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New IFST President Elect

10566719876?profile=RESIZE_400xWe are delighted that the Chair of the Food Authenticity Network's Advisory Board, Sterling Crew, has been elected as the new President-Elect of the Institute of Food Science and Tecnology (IFST).

Sterling’s election was formally noted during IFST’s Annual General Meeting on 31 March 2022. Of his appointment, Sterling said: ‘It is a great pleasure and privilege to be elected to be the next President of the Institute of Food Science and Technology, especially as the selection was by my professional peers. The IFST is a fantastic organisation with a marvellous membership at its very heart. I pledge to play my part in adding further value to membership and promoting the organisation’s worthy charitable aims. This is an exciting time for IFST as we approach our 60th Diamond Jubilee and with chartership potentially on the horizon. Food science and technology has a major part to play in our country’s future in these very challenging times. The food sector has responded by developing innovative solutions and creative products. The role our members play has never been more important.’

Read the full edition of IFST News.

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May 2022

Disruptions in the food supply chain are no doubt the ‘new normal’, whether that is labour shortages, wholesale energy prices, shortages of carbon dioxide (CO2), more friction with border documentation and checks, or supply chain restrictions related to Covid-19 and EU Exit. The conflict in the Ukraine has caused even greater concerns over food supply restrictions over the short to medium term.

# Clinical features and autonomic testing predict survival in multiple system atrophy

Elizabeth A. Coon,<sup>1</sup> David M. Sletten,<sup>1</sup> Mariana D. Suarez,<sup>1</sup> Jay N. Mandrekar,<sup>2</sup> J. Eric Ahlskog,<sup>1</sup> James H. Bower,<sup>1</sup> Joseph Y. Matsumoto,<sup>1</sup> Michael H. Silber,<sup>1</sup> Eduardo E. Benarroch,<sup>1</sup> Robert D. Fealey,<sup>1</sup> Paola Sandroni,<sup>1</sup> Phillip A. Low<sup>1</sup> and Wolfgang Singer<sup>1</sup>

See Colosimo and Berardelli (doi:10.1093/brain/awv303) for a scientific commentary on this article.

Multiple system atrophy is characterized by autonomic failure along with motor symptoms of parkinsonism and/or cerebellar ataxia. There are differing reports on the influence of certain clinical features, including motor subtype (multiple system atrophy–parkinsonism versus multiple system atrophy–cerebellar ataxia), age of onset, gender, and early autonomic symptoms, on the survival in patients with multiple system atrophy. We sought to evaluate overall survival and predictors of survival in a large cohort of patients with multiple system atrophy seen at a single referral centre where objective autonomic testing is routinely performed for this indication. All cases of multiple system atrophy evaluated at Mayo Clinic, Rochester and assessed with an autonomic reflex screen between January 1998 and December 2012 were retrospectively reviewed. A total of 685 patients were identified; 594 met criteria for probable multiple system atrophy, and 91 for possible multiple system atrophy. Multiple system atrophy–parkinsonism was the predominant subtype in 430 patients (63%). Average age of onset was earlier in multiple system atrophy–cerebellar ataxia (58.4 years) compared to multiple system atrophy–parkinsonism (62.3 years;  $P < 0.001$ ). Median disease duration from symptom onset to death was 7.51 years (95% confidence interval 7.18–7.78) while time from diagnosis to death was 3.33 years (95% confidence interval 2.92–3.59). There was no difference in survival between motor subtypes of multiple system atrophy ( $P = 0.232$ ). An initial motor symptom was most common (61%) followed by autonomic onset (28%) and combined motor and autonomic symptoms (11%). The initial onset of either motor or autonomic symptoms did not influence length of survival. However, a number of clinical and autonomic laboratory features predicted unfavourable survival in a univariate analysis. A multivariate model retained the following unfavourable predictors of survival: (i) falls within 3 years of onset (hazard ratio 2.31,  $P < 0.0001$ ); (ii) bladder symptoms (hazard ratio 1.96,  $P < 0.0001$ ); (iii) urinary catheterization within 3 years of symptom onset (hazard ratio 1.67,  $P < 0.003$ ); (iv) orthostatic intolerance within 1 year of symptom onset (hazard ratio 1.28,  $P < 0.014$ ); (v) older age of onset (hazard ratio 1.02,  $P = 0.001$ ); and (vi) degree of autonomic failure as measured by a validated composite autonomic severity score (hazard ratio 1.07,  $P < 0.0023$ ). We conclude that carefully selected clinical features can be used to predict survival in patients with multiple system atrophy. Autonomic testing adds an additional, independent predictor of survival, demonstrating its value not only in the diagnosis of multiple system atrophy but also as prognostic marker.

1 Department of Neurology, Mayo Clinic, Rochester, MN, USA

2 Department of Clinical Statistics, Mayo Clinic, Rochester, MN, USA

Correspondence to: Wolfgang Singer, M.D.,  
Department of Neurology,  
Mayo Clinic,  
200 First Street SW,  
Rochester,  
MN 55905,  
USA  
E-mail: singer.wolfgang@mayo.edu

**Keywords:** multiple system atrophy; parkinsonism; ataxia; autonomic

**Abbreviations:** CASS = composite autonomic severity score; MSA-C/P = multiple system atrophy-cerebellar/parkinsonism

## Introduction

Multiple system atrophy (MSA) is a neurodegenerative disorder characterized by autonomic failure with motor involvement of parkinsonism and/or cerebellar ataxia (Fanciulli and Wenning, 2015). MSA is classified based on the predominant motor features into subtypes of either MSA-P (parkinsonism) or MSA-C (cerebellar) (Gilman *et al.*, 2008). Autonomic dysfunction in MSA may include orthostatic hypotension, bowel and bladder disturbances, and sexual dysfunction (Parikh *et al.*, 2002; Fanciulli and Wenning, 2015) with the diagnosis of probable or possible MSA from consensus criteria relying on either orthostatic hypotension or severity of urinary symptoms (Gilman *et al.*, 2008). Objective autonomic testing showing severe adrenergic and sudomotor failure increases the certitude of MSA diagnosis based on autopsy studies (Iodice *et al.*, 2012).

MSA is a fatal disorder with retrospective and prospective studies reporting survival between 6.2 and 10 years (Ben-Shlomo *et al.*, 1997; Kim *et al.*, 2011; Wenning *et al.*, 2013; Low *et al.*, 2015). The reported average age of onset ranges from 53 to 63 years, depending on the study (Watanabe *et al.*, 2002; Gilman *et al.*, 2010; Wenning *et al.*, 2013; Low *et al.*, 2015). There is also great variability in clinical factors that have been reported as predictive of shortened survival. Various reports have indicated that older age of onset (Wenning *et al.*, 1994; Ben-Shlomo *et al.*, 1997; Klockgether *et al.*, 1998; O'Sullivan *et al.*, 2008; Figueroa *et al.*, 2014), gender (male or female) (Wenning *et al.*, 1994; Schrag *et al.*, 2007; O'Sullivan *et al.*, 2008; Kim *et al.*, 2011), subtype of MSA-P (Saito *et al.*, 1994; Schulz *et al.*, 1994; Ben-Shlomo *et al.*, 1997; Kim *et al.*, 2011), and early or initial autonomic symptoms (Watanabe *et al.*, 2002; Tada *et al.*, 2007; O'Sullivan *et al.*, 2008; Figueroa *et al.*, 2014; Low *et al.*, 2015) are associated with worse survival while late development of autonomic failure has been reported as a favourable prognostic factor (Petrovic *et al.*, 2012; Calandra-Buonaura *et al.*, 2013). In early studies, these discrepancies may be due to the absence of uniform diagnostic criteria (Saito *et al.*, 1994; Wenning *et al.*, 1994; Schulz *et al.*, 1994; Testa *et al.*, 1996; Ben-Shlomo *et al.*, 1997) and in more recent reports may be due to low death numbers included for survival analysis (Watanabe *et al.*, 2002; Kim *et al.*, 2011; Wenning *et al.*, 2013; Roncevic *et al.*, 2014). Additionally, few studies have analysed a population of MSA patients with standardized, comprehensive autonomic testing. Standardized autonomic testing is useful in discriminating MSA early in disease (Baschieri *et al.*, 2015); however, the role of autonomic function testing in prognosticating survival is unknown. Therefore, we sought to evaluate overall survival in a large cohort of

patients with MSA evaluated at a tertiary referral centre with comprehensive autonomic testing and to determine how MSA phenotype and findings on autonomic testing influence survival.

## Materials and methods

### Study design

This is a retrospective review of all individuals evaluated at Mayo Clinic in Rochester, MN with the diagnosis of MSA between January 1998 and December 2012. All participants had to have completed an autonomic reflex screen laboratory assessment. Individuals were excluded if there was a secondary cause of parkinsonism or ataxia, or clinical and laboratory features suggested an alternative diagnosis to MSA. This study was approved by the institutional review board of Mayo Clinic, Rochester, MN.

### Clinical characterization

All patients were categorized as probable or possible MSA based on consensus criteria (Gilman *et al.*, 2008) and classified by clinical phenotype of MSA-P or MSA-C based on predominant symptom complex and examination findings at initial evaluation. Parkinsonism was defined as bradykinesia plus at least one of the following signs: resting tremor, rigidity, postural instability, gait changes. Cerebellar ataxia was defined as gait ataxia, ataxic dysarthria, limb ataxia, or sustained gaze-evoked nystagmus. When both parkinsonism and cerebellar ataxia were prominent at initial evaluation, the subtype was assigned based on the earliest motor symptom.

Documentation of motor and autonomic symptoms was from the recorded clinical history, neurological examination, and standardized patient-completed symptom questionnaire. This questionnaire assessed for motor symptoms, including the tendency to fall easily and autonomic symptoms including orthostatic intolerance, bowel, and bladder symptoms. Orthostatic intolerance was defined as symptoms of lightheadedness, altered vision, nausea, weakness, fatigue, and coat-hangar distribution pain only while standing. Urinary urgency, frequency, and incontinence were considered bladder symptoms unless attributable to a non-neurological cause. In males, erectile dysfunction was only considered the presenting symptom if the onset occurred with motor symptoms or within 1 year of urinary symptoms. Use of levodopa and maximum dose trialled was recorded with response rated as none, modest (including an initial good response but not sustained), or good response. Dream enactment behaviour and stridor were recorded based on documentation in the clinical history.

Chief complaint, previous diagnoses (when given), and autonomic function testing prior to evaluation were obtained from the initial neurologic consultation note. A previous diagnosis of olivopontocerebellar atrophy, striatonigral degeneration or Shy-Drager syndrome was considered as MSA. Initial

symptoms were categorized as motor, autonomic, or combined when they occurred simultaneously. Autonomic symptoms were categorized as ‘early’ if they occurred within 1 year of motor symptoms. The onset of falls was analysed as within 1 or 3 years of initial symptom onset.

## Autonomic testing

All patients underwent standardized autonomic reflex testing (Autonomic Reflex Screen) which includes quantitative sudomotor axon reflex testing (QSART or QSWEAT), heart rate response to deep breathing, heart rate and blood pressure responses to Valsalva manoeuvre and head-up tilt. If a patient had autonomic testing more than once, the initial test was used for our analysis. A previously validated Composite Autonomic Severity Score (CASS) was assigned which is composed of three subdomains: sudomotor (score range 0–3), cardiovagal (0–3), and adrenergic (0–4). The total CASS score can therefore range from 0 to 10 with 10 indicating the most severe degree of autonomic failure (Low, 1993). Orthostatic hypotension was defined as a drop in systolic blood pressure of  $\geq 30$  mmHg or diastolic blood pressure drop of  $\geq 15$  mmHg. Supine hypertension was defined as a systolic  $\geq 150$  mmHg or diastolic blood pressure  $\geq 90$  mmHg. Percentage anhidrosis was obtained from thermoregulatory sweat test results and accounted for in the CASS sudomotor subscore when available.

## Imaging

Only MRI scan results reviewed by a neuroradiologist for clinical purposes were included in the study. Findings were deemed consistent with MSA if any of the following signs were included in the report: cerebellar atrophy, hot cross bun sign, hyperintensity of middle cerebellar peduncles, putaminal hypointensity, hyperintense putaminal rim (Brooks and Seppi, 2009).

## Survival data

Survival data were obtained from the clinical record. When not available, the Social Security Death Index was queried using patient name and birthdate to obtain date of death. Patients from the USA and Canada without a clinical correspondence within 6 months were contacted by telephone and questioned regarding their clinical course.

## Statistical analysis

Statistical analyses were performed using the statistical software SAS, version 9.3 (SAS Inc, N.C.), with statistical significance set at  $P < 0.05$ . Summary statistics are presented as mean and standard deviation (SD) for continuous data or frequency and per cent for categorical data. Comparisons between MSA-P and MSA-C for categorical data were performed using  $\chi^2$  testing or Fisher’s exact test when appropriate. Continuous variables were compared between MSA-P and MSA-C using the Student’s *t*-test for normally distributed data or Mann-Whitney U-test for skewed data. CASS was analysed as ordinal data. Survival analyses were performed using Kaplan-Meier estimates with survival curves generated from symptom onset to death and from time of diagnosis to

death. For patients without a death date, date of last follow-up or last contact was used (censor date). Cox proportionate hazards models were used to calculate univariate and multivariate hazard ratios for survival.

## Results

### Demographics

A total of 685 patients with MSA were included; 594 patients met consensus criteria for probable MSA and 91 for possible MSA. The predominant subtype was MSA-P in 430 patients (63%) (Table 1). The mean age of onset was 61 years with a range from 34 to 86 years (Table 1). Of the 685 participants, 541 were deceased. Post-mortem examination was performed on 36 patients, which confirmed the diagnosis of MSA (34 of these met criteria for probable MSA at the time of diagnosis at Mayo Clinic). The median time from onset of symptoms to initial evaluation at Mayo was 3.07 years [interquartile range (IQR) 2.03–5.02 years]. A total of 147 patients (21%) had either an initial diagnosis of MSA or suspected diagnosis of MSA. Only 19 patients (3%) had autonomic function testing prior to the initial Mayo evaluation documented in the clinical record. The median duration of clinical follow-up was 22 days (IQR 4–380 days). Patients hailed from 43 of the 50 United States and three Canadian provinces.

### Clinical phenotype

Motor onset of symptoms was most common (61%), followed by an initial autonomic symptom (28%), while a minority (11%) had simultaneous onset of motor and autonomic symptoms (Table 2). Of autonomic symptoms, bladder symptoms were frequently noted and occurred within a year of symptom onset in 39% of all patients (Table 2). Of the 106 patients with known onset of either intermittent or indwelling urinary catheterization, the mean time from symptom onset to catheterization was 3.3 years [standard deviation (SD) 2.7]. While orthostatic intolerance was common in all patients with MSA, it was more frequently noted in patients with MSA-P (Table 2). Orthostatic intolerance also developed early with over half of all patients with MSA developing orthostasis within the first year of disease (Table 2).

Pressures on labour availability means that the practical, managerial and leadership skillsets, required across the food sector, vary from business to business being readily available in some sectors to being niche and in short supply in others. The economic, environmental and social challenges we have seen in the last two years are causing businesses to reconsider their reliance on people for tasks and decision-making and to turn to automation on manufacturing lines, and artificial intelligence and machine learning, to reduce their vulnerability to labour issues. These supply chain disruption issues singularly, or in combination, create multiple challenges that businesses need to address by embedding mitigation strategies in their business planning. This means that business approaches to risk identification, assessment and management need to be reviewed and revised as the world becomes a more uncertain place to do business. 

As a result, business continuity planning has never been more important for all food businesses, from multinational corporations operating across the world, to micro food businesses developing food products and meeting the needs of local customers. Every food business has its unique continuity challenges, whether associated with particular food ingredients, packaging or materials, used in their processes, location, relationships with its supply chain or final market or consumer trends.  

Horizon scanning is a systematic approach to considering evidence of particular trends, and then actual and potential scenarios, in order to determine whether an organisation is adequately prepared for established and emerging threats, has appropriate risk identification, assessment and management procedures in place and if suitable controls are implemented, can readily adopt adequate measures for threat elimination, mitigation or control.  Pinch point mapping and analysis is one form of horizon scanning to determine business and supply chain vulnerability and measures to reduce such vulnerability.